2011-10-21 00:37:40 by admin
In DeFunis v. Odegaard (1974), a law school applicant challenged the University of Washington Law School’s race-conscious admission policy, charging that his rejection constituted discrimination. DeFunis is important because it was the first dispute to reach the Supreme Court involving voluntary affirmative action or admission policy in a postsecondary school context. The justices had addressed court-ordered affirmative action policies in formerly segregated colleges and universities. By the time the DeFunis case reached the Court, the applicant who challenged the policy had nearly completed his studies, so the justices declared the case moot and made no ruling on the merits.
Marco DeFunis, a White male, applied for admission to the state-operated University of Washington but was denied. The university’s law school received 1,600 applications for approximately 150 seats in the first-year class. Therefore, as a selective institution, the law school had an admission policy to determine who would be offered admission. The policy used a formula to predict each applicant’s first-year grades. The formula included an applicant’s score on Law School Admission Test (LSAT) and undergraduate grades. Applicants were placed into two groups. Applicants who indicated they were “Black, Chicano, American Indian, or Filipino” were placed in a separate group and were never directly compared to applicants who were not minorities.
DeFunis filed suit in state court, arguing that the selection process discriminated against him on account of his race in violation of the Equal Protection Clause of the Fourteenth Amendment. A state trial court agreed and ordered the law school to admit Mr. DeFunis. By the time he was in his second year of the three-year program, the Supreme Court of Washington overturned the original decision, finding that the law school’s admission policy was constitutional. Mr. DeFunis next appealed to the U.S. Supreme Court.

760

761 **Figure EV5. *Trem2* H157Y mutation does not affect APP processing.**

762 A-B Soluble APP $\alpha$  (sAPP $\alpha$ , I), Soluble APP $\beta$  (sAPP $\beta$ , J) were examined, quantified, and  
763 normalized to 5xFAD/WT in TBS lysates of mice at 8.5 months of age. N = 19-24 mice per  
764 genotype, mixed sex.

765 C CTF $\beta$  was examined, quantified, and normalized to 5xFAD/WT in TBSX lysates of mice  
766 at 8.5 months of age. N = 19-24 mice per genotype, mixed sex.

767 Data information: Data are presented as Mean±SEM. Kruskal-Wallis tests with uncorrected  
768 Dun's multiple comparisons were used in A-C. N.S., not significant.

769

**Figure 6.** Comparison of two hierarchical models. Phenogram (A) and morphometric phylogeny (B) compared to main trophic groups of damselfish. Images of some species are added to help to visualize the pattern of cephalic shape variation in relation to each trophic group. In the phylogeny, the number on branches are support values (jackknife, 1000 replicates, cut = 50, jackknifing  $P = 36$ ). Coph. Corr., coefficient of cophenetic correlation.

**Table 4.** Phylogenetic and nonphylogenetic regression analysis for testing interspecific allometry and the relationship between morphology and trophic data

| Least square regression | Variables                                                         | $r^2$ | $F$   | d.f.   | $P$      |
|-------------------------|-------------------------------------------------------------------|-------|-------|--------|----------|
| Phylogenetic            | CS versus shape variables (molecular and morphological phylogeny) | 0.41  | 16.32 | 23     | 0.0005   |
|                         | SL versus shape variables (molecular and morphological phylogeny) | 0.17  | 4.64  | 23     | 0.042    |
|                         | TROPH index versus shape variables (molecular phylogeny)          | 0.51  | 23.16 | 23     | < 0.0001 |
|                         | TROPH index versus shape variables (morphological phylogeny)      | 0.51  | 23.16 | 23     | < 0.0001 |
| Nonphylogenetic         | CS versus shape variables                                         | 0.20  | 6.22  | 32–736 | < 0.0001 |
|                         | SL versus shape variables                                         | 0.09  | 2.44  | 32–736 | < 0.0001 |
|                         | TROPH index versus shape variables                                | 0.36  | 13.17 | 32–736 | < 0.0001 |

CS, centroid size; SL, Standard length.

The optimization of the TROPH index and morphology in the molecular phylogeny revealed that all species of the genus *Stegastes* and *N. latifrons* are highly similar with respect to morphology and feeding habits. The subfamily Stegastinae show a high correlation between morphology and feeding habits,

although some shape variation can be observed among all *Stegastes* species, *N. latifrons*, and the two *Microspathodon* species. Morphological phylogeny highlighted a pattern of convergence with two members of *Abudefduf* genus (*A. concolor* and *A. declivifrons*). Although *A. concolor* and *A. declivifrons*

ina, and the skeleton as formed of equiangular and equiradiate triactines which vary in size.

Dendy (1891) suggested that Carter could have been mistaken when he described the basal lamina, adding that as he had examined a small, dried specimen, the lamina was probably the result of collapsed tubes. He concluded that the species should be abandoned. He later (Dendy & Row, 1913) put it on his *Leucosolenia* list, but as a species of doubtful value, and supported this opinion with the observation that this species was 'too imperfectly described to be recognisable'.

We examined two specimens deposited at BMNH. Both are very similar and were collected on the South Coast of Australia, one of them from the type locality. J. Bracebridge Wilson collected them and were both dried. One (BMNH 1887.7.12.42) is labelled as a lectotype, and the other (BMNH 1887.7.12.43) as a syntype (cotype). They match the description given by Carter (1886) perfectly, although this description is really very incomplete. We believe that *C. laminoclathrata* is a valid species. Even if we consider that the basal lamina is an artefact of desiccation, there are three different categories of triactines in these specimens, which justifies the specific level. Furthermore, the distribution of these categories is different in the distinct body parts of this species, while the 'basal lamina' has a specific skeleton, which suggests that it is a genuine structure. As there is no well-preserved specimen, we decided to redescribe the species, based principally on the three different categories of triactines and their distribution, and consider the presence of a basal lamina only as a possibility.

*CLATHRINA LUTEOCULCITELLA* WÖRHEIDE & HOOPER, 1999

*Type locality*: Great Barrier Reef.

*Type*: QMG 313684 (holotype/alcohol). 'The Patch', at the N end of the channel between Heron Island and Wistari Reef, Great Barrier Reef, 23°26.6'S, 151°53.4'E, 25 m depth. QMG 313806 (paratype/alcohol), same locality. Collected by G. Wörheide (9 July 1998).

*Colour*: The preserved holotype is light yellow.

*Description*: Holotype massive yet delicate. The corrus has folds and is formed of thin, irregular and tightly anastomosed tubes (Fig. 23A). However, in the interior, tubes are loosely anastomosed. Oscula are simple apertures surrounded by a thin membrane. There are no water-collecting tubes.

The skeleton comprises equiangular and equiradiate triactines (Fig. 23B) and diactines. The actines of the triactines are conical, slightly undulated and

In a per curiam opinion in DeFunis, the Supreme Court refused to address whether the admission policy violated the plaintiff’s rights under the Equal Protection Clause on the ground that the case was “moot,” meaning that there was no longer a question that it could answer. In DeFunis, the majority ruled that because Mr. DeFunis was in his final quarter of law school and about to graduate when the court heard the case, he was no longer injured by the admission policy, and, therefore, there was nothing that it was being asked to decide. Four justices dissented on the basis that because the university was still applying the race-based admission policy, the Court should have resolved, on the merits, whether the law school’s voluntary affirmative action program was constitutional.
The Court’s unwillingness in DeFunis to judge the merits of the University of Washington Law School’s policy notwithstanding, Justice Douglas, in a dissent, analyzed its content. He pointed out that the law school contended that it considered the race and ethnicity of applicants as one factor in the admission process due to its concern that minorities were discriminated against in law school admissions in the past and because there was a lack of minority lawyers in Washington. Justice Douglas was concerned that even though a precise number of seats were not set aside for minority students, the policy accorded a preference.
Although Justice Douglas did not conclude that the policy was unconstitutional, he advocated for a new trial to determine whether the LSAT should have been eliminated as a criteria for racial minorities. He noted that standardized tests had been used in the past to disqualify Jewish applicants and his concern that the LSAT might have the same impact on other minority groups.
Four years after DeFunis, the Supreme Court would have to confront the question of a race-based admissions policy directly in Regents of the University of California v. Bakke (1978). The facts of DeFunis and Bakke are similar. Both cases involved admissions policies where minorities were considered separately from White applicants. In Bakke, also a per curiam opinion, the Court struck down the University of California’s program on the ground that it was an impermissible race discrimination but left open the question of whether the goal of diversity was a permissible reason to consider the race of applicants. It was not until 2003, in Grutter v. Bollinger and the companion case Gratz v. Bollinger, that the Court finally found that the educational benefit of a diverse student body is a compelling state interest that justifies the consideration of race in university admissions if the use of race is narrowly tailored to meet the compelling governmental goal of diversity.